Protectionism never helped anyone. Particularly among the developed nations. I have yet to encounter a case of a rich country becoming even richer after imposing tariffs and trade restrictions. Even when looking at firm-level data over the long run, protectionism never helped. In many cases it arguably made them even less efficient (I provide a real-life example below). The notion that tariffs (taxes on imports) and quotas (limits on import quantities) are in general bad for the economy that imposes them could even be called a stylized fact of the profession. And it is one of those rare ‘facts’ a vast majority of economists would agree with; even those who like to emphasize that free trade has both winners and losers, and even those who cite the successes of South Korea or China in using state protectionism of infant industries to gain a competitive advantage abroad (although there are a lot more factors explaining their success – plus I have yet to see a good piece of research defending this argument).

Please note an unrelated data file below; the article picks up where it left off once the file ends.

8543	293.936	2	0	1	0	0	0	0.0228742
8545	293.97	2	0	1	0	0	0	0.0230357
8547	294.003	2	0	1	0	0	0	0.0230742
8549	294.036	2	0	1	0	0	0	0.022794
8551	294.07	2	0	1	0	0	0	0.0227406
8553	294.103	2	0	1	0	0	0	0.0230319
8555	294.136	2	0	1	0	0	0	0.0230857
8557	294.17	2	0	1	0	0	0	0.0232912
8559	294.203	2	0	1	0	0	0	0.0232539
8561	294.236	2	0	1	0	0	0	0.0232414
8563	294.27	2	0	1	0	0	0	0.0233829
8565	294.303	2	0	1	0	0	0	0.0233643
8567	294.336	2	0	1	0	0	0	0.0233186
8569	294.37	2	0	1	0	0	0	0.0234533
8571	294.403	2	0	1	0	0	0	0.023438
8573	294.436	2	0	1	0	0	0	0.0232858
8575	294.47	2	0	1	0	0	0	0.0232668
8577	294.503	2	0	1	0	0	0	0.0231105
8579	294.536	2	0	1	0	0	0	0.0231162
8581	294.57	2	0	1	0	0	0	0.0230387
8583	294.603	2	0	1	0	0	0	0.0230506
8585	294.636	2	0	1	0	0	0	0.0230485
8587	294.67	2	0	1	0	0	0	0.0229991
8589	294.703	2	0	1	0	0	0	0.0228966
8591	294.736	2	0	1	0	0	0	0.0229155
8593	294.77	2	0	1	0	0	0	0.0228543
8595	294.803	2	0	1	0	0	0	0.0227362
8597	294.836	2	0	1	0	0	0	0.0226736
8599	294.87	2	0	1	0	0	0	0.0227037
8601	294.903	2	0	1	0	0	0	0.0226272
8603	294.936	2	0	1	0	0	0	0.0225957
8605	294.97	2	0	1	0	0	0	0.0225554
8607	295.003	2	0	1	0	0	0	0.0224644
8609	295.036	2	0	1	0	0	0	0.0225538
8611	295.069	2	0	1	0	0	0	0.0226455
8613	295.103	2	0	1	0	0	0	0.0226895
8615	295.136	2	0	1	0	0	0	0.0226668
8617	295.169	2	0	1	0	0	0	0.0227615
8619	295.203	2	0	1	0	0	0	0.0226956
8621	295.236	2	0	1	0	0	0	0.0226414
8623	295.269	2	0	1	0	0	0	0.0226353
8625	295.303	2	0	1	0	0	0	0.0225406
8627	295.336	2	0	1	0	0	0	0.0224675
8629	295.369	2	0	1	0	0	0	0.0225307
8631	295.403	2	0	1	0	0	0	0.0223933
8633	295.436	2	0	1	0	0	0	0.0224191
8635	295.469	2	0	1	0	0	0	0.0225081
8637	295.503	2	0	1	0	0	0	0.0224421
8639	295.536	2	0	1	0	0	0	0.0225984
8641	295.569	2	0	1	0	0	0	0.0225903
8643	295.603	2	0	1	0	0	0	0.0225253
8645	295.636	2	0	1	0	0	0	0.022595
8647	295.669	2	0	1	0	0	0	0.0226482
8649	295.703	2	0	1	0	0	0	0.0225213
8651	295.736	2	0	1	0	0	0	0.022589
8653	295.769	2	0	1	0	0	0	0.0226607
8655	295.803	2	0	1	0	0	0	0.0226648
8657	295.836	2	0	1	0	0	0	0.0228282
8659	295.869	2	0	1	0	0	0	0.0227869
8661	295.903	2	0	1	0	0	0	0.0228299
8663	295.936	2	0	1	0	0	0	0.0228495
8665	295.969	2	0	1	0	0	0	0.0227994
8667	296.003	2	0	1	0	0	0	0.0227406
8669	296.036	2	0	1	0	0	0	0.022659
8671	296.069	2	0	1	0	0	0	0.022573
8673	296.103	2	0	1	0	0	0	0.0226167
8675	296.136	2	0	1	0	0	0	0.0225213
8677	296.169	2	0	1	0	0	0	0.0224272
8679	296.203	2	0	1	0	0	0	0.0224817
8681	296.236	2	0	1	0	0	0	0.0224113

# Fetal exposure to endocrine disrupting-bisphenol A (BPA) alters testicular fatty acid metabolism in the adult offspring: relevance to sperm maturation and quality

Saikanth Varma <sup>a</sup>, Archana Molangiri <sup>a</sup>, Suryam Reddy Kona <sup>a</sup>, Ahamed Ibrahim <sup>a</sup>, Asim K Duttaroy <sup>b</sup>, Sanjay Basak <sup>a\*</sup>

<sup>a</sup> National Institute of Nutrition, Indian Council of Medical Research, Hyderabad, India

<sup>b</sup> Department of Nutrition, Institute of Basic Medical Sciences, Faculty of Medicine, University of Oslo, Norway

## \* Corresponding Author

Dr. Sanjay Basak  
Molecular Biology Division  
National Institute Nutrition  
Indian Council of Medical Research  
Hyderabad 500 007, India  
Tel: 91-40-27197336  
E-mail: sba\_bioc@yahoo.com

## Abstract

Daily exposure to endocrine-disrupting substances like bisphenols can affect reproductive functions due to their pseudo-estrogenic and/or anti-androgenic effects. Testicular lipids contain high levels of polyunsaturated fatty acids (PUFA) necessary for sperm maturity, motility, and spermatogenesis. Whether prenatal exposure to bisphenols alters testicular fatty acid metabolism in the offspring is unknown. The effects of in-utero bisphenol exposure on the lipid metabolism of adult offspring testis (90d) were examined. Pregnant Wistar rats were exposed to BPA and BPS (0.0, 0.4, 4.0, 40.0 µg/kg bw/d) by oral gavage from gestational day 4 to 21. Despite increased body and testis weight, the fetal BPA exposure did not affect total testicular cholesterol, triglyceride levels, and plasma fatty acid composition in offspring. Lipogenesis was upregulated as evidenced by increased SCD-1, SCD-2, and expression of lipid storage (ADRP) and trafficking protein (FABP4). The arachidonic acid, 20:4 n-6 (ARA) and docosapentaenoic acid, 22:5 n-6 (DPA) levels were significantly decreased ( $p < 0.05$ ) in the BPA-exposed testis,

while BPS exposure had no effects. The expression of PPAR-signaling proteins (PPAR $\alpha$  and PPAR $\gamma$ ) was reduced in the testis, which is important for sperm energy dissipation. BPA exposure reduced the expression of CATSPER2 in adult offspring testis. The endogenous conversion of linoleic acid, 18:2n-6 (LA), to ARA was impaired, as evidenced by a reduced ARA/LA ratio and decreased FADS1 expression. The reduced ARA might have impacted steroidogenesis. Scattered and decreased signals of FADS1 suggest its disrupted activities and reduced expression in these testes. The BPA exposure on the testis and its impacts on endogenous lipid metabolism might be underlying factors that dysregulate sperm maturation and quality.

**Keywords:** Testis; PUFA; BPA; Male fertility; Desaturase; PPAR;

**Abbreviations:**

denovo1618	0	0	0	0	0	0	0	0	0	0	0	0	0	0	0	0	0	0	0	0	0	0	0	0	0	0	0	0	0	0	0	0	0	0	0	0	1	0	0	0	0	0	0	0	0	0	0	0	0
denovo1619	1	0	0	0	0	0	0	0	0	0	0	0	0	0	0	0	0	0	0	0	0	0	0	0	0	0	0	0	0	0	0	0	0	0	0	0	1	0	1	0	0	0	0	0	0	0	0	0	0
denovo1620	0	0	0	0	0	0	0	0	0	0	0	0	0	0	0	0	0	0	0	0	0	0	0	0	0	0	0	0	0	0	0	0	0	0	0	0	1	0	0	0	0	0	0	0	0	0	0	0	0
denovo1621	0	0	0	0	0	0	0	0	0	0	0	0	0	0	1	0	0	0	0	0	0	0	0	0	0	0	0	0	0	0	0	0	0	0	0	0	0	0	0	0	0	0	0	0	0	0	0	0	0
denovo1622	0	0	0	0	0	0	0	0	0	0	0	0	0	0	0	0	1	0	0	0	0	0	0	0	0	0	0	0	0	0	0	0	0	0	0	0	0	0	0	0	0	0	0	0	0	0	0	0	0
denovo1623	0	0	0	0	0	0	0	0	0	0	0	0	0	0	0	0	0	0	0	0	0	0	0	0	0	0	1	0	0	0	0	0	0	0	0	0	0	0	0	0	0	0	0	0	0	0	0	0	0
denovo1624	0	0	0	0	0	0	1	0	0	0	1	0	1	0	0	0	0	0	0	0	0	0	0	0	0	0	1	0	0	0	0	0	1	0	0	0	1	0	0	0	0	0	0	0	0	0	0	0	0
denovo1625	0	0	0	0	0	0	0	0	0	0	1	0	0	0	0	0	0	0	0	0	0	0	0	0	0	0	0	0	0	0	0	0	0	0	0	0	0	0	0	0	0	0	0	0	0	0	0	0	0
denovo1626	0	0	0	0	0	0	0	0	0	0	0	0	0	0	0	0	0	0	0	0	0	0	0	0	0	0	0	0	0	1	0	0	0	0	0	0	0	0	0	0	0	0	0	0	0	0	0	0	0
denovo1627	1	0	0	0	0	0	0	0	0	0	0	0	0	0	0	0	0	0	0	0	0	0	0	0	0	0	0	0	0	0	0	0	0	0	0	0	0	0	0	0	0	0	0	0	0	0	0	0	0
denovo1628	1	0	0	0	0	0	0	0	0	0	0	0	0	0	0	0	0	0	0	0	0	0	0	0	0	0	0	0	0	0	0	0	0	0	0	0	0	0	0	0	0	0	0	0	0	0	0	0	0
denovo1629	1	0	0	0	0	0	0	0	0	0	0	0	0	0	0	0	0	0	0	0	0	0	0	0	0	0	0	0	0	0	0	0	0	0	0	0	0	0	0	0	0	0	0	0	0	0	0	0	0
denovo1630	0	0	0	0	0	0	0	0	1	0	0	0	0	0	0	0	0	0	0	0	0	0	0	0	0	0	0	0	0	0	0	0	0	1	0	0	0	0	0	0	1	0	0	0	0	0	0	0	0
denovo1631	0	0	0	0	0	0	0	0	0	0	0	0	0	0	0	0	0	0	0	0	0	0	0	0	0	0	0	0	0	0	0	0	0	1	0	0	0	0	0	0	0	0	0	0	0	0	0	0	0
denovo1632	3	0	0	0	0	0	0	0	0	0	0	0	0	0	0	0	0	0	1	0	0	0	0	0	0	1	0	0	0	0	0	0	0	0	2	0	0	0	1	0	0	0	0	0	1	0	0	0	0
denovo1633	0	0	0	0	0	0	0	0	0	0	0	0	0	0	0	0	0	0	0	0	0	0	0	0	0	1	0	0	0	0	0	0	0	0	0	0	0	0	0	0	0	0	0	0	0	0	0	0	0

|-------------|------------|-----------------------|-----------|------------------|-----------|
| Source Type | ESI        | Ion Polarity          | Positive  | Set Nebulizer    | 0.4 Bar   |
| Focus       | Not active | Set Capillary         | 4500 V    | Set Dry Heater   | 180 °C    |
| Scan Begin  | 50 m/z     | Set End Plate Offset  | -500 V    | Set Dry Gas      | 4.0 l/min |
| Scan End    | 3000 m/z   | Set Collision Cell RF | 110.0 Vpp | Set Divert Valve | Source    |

So why then, if the experts are practically unanimous, are calls for protectionism so attractive and can become so politically salient? One reason is because people don’t trust experts anymore, but even when they did, they still had a misunderstanding of trade. Trade is just one of those topics everyone seems to have an opinion on, usually the wrong one. I’ve written before on the ills of the so-called mercantilist fallacy. This fallacy usually attracts anyone who suffers from a zero-sum game mentality. Your gain must imply my loss. If we trade with China and have a trade deficit (we import more than we export), we’re “losing to China”. This is the same variant of the classic saying that “exports are good while imports are bad”. If I export then I get money, if I import I lose money.
Let me emphasize just how ridiculous this argument is. Saying that imports are bad and exports are good is like saying that selling is good (cause we get money when we sell something) while buying is bad (cause we lose money when we buy something). Far from it! Both transactions are good, because when you buy/import you do it either to resell it at a higher price or consume it. If the transaction is voluntary it is by definition beneficial, both for the seller and the buyer, regardless if the seller/buyer is a foreigner.